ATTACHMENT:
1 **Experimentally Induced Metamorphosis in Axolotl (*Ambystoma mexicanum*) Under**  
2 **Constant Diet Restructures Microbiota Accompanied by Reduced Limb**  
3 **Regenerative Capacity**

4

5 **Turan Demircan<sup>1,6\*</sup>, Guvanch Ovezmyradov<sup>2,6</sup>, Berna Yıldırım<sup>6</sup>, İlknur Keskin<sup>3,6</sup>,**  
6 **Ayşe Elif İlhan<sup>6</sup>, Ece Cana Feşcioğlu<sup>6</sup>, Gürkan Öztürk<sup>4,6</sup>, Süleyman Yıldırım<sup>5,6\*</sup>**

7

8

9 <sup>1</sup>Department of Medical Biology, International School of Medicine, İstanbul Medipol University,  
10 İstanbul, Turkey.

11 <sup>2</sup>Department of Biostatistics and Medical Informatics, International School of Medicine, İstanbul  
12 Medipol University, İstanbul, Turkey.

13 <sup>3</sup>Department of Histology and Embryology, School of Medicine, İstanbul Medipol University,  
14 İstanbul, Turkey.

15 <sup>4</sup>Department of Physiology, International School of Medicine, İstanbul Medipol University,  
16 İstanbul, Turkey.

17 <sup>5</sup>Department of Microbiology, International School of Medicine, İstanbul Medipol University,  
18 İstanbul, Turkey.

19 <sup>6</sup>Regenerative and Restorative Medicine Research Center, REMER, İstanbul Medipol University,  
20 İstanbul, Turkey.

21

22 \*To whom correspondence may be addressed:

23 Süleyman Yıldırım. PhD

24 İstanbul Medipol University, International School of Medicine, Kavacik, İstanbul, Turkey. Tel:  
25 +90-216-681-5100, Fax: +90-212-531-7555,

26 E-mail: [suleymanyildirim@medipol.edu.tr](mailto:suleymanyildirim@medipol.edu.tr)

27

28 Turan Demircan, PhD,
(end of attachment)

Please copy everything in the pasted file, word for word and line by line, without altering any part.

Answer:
1 **Experimentally Induced Metamorphosis in Axolotl (*Ambystoma mexicanum*) Under**  
2 **Constant Diet Restructures Microbiota Accompanied by Reduced Limb**  
3 **Regenerative Capacity**

4

5 **Turan Demircan<sup>1,6\*</sup>, Guvanch Ovezmyradov<sup>2,6</sup>, Berna Yıldırım<sup>6</sup>, İlknur Keskin<sup>3,6</sup>,**  
6 **Ayşe Elif İlhan<sup>6</sup>, Ece Cana Feşcioğlu<sup>6</sup>, Gürkan Öztürk<sup>4,6</sup>, Süleyman Yıldırım<sup>5,6\*</sup>**

7

8

9 <sup>1</sup>Department of Medical Biology, International School of Medicine, İstanbul Medipol University,  
10 İstanbul, Turkey.

11 <sup>2</sup>Department of Biostatistics and Medical Informatics, International School of Medicine, İstanbul  
12 Medipol University, İstanbul, Turkey.

13 <sup>3</sup>Department of Histology and Embryology, School of Medicine, İstanbul Medipol University,  
14 İstanbul, Turkey.

15 <sup>4</sup>Department of Physiology, International School of Medicine, İstanbul Medipol University,  
16 İstanbul, Turkey.

17 <sup>5</sup>Department of Microbiology, International School of Medicine, İstanbul Medipol University,  
18 İstanbul, Turkey.

19 <sup>6</sup>Regenerative and Restorative Medicine Research Center, REMER, İstanbul Medipol University,  
20 İstanbul, Turkey.

21

22 \*To whom correspondence may be addressed:

23 Süleyman Yıldırım. PhD

24 İstanbul Medipol University, International School of Medicine, Kavacik, İstanbul, Turkey. Tel:  
25 +90-216-681-5100, Fax: +90-212-531-7555,

26 E-mail: [suleymanyildirim@medipol.edu.tr](mailto:suleymanyildirim@medipol.edu.tr)

27

28 Turan Demircan, PhD,